Reality Check: Double standards

Double standards are the norm in today’s Israel, fueled by a paranoid Netanyahu who sees anybody who disagrees with him as a deadly enemy.

Benjamin Netanyahu (photo credit: MARC ISRAEL SELLEM/THE JERUSALEM POST)
Benjamin Netanyahu
As we celebrate Tu Bishvat today, a friend reminded me of our first New Year for Trees in Israel, more than 30 years ago. Our ulpan in Jerusalem had canceled Hebrew lessons for the day so we could attend a tree-planting ceremony.
Being the industrious students we were, we checked where the tree-planting was due to take place and, not quite to our surprise, found it was scheduled for a forest over the Green Line.
The ceremony went ahead without our ulpan’s participation, as the majority of the new immigrants studying there said they were not prepared to take part in any activity in the occupied territories. Given the change in demographics of immigrants from the Western world over the past three decades, such a boycott scenario would be unlikely to take place today.
Indeed, new immigrants today voicing such opinions would no doubt be labeled “little Jew boys,” as was US Ambassador to Israel Dan Shapiro, for having the temerity to point out the blindingly obvious in terms of the situation on the ground in the Palestinian territories controlled by Israel.
“Too much [Jewish] vigilantism goes unchecked,” he told a security conference, “and at times there seem to be two standards of adherence to the rule of law: one for Israelis and another for Palestinians.”
For this, he was fiercely condemned by Prime Minister Benjamin Netanyahu, Justice Minister Ayelet Shaked and Netanyahu’s former aide Aviv Bushinsky, who gratuitously threw in the “Jew boy” insult.
Sometimes, it also seems there are two standards of law inside Israel proper. At the beginning of last week, Oz Segal was convicted in the Tel Aviv Magistrate’s Court of stabbing Ibrahim Issawi, an Israeli-Arab street cleaner employed by the Herzliya municipality. Screaming “death to Arabs,” Segal attacked Issawi with a kitchen knife but fortunately only lightly wounded him.
So how many years behind bars do you think Segal got for this vicious hate crime? Well, “years” is putting it too strongly. Oz only received 21 months for his actions, and he wasn’t even charged with attempted murder, just with committing assault under aggravated circumstance. Oz also didn’t receive the maximum penalty for that (three years, which can be doubled if the aggressor was in possession of a weapon, which Oz was), with the judge citing “mitigating circumstances” for his surprising leniency.
If we turned this case around, and had an Israeli Arab screaming “death to Jews” as he stabs a Jewish Israeli, what do you think the chances are of his getting off with a 21-month sentence due to mitigating circumstances? Assuming, that is, that he hasn’t already been shot dead by passers-by.
SUCH DOUBLE standards, however, are the norm in today’s Israel, fueled by a paranoid Netanyahu who sees anybody who disagrees with him as a deadly enemy.
The proposed non-governmental organizations (NGO) transparency bill, championed by Justice Minister Shaked and due to be brought for a vote in the Knesset this week is another example of the Orwellian environment this government is fostering.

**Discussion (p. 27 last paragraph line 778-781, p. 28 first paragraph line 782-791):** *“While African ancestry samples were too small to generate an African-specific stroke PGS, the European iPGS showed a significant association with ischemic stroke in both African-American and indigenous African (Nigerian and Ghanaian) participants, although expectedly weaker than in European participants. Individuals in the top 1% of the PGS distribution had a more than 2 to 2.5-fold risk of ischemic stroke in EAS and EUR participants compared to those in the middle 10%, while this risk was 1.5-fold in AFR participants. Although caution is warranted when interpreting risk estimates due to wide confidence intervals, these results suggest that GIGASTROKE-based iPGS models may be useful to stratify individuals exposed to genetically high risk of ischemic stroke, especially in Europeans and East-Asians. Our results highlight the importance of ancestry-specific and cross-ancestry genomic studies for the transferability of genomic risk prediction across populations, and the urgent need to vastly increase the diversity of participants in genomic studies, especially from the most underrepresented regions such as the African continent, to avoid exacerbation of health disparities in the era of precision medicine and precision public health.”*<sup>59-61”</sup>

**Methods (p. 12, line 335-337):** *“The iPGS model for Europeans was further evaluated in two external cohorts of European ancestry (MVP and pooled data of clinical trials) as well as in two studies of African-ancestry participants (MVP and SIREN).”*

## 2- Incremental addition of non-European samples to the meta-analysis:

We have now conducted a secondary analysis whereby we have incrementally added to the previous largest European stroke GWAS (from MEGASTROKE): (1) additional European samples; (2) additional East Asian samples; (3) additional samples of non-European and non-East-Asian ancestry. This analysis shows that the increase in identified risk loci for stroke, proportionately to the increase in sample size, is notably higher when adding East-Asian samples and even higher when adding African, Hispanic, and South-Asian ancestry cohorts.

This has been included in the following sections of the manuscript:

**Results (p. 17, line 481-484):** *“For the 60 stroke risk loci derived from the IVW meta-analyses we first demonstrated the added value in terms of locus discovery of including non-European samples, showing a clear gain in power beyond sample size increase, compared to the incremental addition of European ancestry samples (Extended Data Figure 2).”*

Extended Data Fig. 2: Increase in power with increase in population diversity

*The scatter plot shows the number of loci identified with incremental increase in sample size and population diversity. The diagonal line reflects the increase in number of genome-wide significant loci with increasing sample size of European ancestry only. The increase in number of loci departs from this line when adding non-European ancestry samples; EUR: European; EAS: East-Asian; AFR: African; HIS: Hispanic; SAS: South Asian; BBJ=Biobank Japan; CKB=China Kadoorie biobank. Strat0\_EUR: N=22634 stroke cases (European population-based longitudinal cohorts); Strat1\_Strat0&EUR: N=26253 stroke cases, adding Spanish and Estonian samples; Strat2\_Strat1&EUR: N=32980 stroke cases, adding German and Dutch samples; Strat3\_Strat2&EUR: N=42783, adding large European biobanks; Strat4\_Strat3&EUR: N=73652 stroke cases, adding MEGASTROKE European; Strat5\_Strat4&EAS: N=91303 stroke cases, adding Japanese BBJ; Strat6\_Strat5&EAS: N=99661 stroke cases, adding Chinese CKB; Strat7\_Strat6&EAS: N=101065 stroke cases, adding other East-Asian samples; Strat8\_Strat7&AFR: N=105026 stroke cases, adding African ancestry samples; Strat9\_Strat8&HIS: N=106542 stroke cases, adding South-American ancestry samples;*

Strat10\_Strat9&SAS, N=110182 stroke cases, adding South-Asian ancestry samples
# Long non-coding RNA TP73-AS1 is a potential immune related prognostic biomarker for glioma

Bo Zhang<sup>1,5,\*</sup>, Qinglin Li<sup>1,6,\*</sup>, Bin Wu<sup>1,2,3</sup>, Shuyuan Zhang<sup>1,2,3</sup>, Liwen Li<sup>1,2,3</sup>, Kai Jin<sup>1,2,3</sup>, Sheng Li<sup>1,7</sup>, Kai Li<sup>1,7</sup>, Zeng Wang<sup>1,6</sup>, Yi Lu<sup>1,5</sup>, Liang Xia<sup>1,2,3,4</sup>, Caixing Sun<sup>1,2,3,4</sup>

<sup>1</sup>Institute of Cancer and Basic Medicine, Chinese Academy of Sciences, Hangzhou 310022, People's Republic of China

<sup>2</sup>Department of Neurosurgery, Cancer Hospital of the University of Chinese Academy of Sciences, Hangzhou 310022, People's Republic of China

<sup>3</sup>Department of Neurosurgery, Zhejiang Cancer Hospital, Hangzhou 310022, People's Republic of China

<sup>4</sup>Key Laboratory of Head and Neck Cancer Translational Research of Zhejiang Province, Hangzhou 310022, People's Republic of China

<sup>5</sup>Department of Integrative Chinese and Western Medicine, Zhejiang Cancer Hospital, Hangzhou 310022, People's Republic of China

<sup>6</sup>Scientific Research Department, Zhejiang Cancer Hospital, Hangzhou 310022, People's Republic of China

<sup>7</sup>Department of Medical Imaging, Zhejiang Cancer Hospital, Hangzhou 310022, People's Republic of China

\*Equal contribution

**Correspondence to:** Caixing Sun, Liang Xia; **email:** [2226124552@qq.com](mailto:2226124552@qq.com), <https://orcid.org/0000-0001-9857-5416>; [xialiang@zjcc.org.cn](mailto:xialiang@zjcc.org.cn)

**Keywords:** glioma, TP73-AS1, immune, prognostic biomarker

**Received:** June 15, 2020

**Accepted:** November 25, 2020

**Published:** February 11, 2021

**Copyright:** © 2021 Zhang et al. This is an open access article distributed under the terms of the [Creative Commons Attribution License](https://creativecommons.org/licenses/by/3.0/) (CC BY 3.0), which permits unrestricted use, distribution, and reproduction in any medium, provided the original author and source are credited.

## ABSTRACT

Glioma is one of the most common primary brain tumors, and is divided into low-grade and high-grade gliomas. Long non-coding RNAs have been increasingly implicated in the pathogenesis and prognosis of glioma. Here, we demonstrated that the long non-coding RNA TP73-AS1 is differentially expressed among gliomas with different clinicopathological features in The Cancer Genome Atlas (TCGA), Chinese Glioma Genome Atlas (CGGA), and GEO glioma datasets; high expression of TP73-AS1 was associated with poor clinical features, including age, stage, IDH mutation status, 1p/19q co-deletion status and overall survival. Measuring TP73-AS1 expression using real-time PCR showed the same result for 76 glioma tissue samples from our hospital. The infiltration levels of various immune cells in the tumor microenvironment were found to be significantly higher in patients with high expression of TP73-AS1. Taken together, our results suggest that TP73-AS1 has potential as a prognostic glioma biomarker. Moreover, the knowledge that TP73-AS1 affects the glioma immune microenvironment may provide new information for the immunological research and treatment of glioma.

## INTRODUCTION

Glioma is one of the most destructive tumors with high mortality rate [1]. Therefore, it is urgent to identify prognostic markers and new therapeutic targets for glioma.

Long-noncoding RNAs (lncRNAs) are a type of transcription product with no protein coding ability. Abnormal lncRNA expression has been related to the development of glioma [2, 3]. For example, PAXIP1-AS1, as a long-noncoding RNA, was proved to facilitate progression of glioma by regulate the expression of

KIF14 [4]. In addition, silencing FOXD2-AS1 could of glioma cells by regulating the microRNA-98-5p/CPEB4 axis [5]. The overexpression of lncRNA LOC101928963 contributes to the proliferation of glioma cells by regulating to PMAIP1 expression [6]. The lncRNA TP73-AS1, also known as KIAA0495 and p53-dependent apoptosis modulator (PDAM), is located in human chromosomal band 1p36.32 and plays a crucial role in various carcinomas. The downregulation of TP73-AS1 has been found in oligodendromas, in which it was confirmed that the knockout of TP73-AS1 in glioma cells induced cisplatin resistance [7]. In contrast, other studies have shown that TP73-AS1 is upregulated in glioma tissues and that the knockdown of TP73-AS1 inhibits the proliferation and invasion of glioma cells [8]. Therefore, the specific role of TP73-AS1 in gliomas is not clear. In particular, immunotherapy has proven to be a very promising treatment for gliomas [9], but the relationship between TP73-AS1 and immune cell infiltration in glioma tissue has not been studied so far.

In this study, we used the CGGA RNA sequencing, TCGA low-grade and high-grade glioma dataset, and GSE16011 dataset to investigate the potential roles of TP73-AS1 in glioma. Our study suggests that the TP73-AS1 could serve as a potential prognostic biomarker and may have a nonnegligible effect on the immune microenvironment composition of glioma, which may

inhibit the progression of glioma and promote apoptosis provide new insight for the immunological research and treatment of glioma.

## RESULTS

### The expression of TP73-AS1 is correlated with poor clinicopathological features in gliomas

Following the example of that noted democrat Vladimir Putin, the prime minister is seeking to delegitimize NGOs such as Peace Now, B’tselem and Breaking the Silence, by forcing these, and other NGOs that receive over 50 percent of their budget from foreign governments, to declare this fact in every publication or advert or even Facebook status update they make. Despite the European Union being Israel’s largest trading partner and staunch diplomatic ally, Netanyahu wants to insinuate that any NGO taking money from an EU government cannot be trusted.
Netanyahu claims that such legislation is similar to the United States Foreign Agents Registration Act, but as the US embassy here has pointed out, there is no comparison between the two. “The draft Israeli law,” an embassy statement noted, “would target NGOs simply because they are funded principally by foreign government entities. That is not how the Foreign Agents Registration Act (FARA) works.
FARA requires individuals or organizations to register as foreign agents only if they engage in certain specified activities at the order, request or under the direction or control, of a foreign principal – not simply by receiving contributions from such an entity. As a result, it does not create the chilling effect on NGO activities that we are concerned about in reviewing the draft Israeli NGO law.”
Moreover, the government’s proposed “pro-transparency” legislation is purposely targeted at left-wing organizations as opposed to right-wing NGOs, who mainly receive their undeclared funding from rich overseas individuals, or the Israeli government and other state institutions. As far as Netanyahu and Shaked are concerned, there is no need for transparency regarding this kind of funding, which helps perpetuate Israel’s disastrous hold on the West Bank.
It’s a good job Netanyahu wasn’t in power when my ulpan staged its Tu Bishvat tree-planting boycott. Who knows what loyalty tests he might have added to the curriculum, aside from Hebrew lessons.
The writer is a former editor-in-chief of The Jerusalem Post.